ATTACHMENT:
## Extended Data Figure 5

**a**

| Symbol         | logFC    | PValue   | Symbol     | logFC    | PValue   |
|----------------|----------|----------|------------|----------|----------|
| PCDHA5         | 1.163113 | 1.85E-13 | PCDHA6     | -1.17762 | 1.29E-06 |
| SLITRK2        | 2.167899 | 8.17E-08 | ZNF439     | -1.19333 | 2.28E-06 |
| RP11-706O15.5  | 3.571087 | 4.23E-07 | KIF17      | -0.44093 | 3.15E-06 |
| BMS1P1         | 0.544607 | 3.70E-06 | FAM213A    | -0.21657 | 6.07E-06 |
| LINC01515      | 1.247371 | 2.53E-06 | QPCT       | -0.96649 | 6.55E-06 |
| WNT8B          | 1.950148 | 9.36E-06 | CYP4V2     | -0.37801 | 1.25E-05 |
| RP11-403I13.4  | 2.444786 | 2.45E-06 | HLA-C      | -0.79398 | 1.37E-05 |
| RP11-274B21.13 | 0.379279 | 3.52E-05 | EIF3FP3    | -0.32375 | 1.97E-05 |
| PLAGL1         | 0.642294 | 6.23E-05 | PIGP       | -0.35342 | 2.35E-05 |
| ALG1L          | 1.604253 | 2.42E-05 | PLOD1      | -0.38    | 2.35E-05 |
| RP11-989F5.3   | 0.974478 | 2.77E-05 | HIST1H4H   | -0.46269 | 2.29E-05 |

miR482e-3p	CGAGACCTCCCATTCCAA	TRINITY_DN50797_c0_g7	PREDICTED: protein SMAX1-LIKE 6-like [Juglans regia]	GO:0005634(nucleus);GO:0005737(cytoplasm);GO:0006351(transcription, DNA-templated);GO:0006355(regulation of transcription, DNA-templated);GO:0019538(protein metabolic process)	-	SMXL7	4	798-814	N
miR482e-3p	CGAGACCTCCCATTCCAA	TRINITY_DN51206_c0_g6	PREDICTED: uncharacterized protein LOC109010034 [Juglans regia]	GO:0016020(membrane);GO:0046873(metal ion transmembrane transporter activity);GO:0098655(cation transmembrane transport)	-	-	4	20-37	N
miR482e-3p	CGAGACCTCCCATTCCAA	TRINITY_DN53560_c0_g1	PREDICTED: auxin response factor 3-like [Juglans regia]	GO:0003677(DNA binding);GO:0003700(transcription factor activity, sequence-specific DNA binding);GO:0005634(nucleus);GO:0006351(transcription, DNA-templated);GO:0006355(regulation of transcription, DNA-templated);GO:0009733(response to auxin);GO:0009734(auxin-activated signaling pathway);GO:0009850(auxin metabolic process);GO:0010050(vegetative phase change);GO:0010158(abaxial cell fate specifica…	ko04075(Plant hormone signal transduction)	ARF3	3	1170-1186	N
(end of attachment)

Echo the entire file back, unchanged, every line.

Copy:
## Extended Data Figure 5

**a**

| Symbol         | logFC    | PValue   | Symbol     | logFC    | PValue   |
|----------------|----------|----------|------------|----------|----------|
| PCDHA5         | 1.163113 | 1.85E-13 | PCDHA6     | -1.17762 | 1.29E-06 |
| SLITRK2        | 2.167899 | 8.17E-08 | ZNF439     | -1.19333 | 2.28E-06 |
| RP11-706O15.5  | 3.571087 | 4.23E-07 | KIF17      | -0.44093 | 3.15E-06 |
| BMS1P1         | 0.544607 | 3.70E-06 | FAM213A    | -0.21657 | 6.07E-06 |
| LINC01515      | 1.247371 | 2.53E-06 | QPCT       | -0.96649 | 6.55E-06 |
| WNT8B          | 1.950148 | 9.36E-06 | CYP4V2     | -0.37801 | 1.25E-05 |
| RP11-403I13.4  | 2.444786 | 2.45E-06 | HLA-C      | -0.79398 | 1.37E-05 |
| RP11-274B21.13 | 0.379279 | 3.52E-05 | EIF3FP3    | -0.32375 | 1.97E-05 |
| PLAGL1         | 0.642294 | 6.23E-05 | PIGP       | -0.35342 | 2.35E-05 |
| ALG1L          | 1.604253 | 2.42E-05 | PLOD1      | -0.38    | 2.35E-05 |
| RP11-989F5.3   | 0.974478 | 2.77E-05 | HIST1H4H   | -0.46269 | 2.29E-05 |

miR482e-3p	CGAGACCTCCCATTCCAA	TRINITY_DN50797_c0_g7	PREDICTED: protein SMAX1-LIKE 6-like [Juglans regia]	GO:0005634(nucleus);GO:0005737(cytoplasm);GO:0006351(transcription, DNA-templated);GO:0006355(regulation of transcription, DNA-templated);GO:0019538(protein metabolic process)	-	SMXL7	4	798-814	N
miR482e-3p	CGAGACCTCCCATTCCAA	TRINITY_DN51206_c0_g6	PREDICTED: uncharacterized protein LOC109010034 [Juglans regia]	GO:0016020(membrane);GO:0046873(metal ion transmembrane transporter activity);GO:0098655(cation transmembrane transport)	-	-	4	20-37	N
miR482e-3p	CGAGACCTCCCATTCCAA	TRINITY_DN53560_c0_g1	PREDICTED: auxin response factor 3-like [Juglans regia]	GO:0003677(DNA binding);GO:0003700(transcription factor activity, sequence-specific DNA binding);GO:0005634(nucleus);GO:0006351(transcription, DNA-templated);GO:0006355(regulation of transcription, DNA-templated);GO:0009733(response to auxin);GO:0009734(auxin-activated signaling pathway);GO:0009850(auxin metabolic process);GO:0010050(vegetative phase change);GO:0010158(abaxial cell fate specifica…	ko04075(Plant hormone signal transduction)	ARF3	3	1170-1186	N